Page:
What A Traditional English Wedding Cake Really Looks Like

While there is a lot to be said for tradition, we can all agree that some wedding customs are downright problematic. According to the New York Times, throwing the garter stems from a medieval tradition in which wedding guests would rip off pieces of the bride's gown like Cinderella's wicked stepsisters. Don't even get us started on the age-old practice of weddings being a business transaction among men, not a romantic ceremony uniting two people in love (via Mental Floss). Fortunately, there are a few symbolic rituals that are easier to swallow and not rooted in patriarchy or superstition. 

One such literal bite of convention is the traditional English wedding cake. On the surface, these cakes look like any other (white, tiered, decorated with flowers, and covered in icing). But there is often a historical truth to chew on just below the fondant-covered surface, in the form of fruitcake. That's right! Don't expect to find a Victorian sponge cake lurking under all that frosting. Per Food & Wine, English wedding cakes have been made of dense, durable, liquor-infused fruitcakes since medieval times.

English traditions include rum-soaked fruitcakes and sword cake-cutting

The choice to make a wedding cake out of fruitcake makes sense for several reasons. For one, the brandy or rum used to make a fruitcake acts as a natural preservative, meaning you can make your wedding cake far in advance of the big day without fear of accidentally poisoning your guests (via Food & Wine). In the olden days, before refrigeration, a cake that could stand the test of time was not only the key to having guests survive your wedding, but it was also symbolic of the guests' wishes for the marriage itself: sweet, long-lasting, and full of alcohol. (Just kidding about that last one.) Vogue points out that things like dried fruit, spirits, and spices were not easy to come by, so a fruitcake also represented prosperity and wealth.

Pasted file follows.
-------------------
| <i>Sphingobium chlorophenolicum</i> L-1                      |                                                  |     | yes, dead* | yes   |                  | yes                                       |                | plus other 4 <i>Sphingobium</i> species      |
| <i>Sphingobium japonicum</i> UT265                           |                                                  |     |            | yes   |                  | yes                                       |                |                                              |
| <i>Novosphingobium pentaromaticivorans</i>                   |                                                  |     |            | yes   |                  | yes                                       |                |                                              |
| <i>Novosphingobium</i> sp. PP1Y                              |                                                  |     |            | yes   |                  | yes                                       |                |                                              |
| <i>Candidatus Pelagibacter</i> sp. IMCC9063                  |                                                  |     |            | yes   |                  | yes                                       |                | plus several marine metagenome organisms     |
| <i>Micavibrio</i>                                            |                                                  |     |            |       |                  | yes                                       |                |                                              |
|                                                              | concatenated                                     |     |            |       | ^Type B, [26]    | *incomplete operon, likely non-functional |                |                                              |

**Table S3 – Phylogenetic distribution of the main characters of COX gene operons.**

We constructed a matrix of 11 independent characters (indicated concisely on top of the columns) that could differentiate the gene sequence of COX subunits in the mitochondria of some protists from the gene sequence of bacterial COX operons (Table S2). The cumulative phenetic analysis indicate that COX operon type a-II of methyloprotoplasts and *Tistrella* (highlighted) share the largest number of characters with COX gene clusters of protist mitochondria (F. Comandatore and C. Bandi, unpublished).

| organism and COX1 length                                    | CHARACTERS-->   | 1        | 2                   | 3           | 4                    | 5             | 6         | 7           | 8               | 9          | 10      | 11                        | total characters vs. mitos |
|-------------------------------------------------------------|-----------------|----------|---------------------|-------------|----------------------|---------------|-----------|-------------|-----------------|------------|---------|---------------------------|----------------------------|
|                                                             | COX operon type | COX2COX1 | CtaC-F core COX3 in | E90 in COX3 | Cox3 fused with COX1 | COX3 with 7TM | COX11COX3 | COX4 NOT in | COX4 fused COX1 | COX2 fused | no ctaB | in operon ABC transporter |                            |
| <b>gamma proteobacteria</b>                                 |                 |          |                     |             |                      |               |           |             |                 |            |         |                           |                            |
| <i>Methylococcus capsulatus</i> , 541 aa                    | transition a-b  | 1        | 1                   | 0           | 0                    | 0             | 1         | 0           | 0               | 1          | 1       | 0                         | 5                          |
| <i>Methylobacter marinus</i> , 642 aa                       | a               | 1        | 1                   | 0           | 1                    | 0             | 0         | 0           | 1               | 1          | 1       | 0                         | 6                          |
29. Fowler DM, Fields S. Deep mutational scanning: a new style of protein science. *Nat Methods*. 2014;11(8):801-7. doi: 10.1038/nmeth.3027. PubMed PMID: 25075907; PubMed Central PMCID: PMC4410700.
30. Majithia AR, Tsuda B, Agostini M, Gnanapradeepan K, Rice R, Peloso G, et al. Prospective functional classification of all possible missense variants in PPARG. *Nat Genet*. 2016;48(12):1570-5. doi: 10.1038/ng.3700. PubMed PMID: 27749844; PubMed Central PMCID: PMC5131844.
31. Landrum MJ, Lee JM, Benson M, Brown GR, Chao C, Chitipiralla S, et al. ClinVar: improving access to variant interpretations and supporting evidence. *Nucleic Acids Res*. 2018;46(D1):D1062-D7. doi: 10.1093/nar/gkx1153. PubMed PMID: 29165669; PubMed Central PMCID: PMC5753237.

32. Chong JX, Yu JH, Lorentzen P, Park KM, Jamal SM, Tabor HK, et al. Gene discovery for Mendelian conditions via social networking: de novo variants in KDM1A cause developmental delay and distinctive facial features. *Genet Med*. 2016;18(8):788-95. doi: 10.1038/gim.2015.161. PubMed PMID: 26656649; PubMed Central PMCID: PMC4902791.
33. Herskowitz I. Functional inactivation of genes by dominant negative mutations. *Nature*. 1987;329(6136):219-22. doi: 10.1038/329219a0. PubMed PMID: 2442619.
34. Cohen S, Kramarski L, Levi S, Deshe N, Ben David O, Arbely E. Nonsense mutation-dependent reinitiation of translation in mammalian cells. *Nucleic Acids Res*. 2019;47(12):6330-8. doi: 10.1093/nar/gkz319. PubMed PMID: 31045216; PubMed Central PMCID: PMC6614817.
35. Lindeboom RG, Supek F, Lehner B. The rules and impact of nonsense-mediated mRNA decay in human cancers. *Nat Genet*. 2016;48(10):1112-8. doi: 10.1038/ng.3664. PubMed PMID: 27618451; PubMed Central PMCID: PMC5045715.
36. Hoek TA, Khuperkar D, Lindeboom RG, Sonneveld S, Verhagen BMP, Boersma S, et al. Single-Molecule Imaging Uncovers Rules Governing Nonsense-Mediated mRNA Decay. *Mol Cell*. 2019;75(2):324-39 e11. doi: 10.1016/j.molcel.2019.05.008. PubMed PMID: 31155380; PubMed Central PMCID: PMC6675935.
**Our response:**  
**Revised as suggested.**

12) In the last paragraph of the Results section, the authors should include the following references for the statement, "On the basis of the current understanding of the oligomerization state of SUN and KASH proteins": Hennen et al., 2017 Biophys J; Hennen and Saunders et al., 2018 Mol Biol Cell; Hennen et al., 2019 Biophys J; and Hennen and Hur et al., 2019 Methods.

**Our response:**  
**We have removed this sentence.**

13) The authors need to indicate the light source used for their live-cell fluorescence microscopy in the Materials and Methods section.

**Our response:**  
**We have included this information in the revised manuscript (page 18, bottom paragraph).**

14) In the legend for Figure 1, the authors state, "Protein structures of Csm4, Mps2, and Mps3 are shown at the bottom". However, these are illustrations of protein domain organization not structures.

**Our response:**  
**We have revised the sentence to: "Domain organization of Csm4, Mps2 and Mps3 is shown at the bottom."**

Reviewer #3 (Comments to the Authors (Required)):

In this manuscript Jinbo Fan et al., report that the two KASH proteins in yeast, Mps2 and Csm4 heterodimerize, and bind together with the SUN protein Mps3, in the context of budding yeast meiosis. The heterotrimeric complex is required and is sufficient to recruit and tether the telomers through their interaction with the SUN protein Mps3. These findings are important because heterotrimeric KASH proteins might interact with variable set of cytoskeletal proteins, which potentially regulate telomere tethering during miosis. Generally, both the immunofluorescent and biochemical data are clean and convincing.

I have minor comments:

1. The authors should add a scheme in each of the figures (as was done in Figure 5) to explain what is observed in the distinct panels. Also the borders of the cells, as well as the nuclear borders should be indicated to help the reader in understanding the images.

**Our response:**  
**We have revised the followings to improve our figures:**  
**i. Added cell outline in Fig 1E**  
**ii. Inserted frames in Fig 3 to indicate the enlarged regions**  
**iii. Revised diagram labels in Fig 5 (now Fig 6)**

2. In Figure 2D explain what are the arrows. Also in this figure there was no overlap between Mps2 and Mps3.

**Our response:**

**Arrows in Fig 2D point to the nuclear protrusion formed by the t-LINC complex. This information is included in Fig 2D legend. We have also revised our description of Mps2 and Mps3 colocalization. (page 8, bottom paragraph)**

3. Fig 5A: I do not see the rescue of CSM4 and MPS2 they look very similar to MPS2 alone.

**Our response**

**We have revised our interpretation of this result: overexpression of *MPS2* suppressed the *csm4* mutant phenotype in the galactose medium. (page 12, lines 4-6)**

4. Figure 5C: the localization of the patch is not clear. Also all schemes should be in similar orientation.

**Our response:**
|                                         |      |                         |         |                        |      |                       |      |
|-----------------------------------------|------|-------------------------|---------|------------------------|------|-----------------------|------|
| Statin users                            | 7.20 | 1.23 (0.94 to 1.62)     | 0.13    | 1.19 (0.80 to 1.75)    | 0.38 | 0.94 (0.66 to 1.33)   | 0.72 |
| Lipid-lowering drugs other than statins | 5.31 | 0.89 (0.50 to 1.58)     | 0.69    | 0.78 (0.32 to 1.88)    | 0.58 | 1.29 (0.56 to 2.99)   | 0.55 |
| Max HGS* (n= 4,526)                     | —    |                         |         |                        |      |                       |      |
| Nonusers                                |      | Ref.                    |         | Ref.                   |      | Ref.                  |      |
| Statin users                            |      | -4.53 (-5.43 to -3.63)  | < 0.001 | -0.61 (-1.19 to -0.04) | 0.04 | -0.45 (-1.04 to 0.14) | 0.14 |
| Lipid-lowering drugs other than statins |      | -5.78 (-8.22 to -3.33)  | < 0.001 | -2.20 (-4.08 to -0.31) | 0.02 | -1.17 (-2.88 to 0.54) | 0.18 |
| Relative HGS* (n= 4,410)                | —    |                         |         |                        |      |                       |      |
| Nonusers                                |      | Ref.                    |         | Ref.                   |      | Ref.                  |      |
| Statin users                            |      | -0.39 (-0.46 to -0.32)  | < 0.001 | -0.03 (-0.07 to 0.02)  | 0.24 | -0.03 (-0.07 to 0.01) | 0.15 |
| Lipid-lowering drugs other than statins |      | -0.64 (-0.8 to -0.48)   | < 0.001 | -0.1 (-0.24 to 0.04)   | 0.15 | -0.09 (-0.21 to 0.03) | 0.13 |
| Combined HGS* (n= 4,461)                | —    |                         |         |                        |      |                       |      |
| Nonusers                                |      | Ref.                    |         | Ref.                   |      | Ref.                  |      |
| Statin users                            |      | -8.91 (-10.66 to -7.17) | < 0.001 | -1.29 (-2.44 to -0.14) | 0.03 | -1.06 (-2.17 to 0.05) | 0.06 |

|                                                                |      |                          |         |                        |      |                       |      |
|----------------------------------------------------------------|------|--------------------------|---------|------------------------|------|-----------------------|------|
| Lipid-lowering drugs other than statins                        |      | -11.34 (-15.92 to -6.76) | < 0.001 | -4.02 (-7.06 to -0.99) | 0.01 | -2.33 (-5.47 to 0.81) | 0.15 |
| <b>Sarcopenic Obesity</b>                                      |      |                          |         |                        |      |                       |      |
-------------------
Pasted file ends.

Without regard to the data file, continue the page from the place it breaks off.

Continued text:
The traditional English wedding fruitcake is still a staple of royal weddings in England today. Although, according to Eater, Prince Harry and Meghan Markle broke the cake mold by serving their guests lemon sponge cake with an elderflower cordial. Guests of Queen Elizabeth's wedding to the late Prince Philip, back in 1947, were not so lucky — that particular wedding featured a 9-foot tall, four-tiered fruitcake that weighed around 500 pounds. Eater also points out that the royals continue to follow another English wedding tradition when cutting cakes: They use a family sword to slice the dessert in a cake-sabering ceremony. Now that is a tradition we can get behind!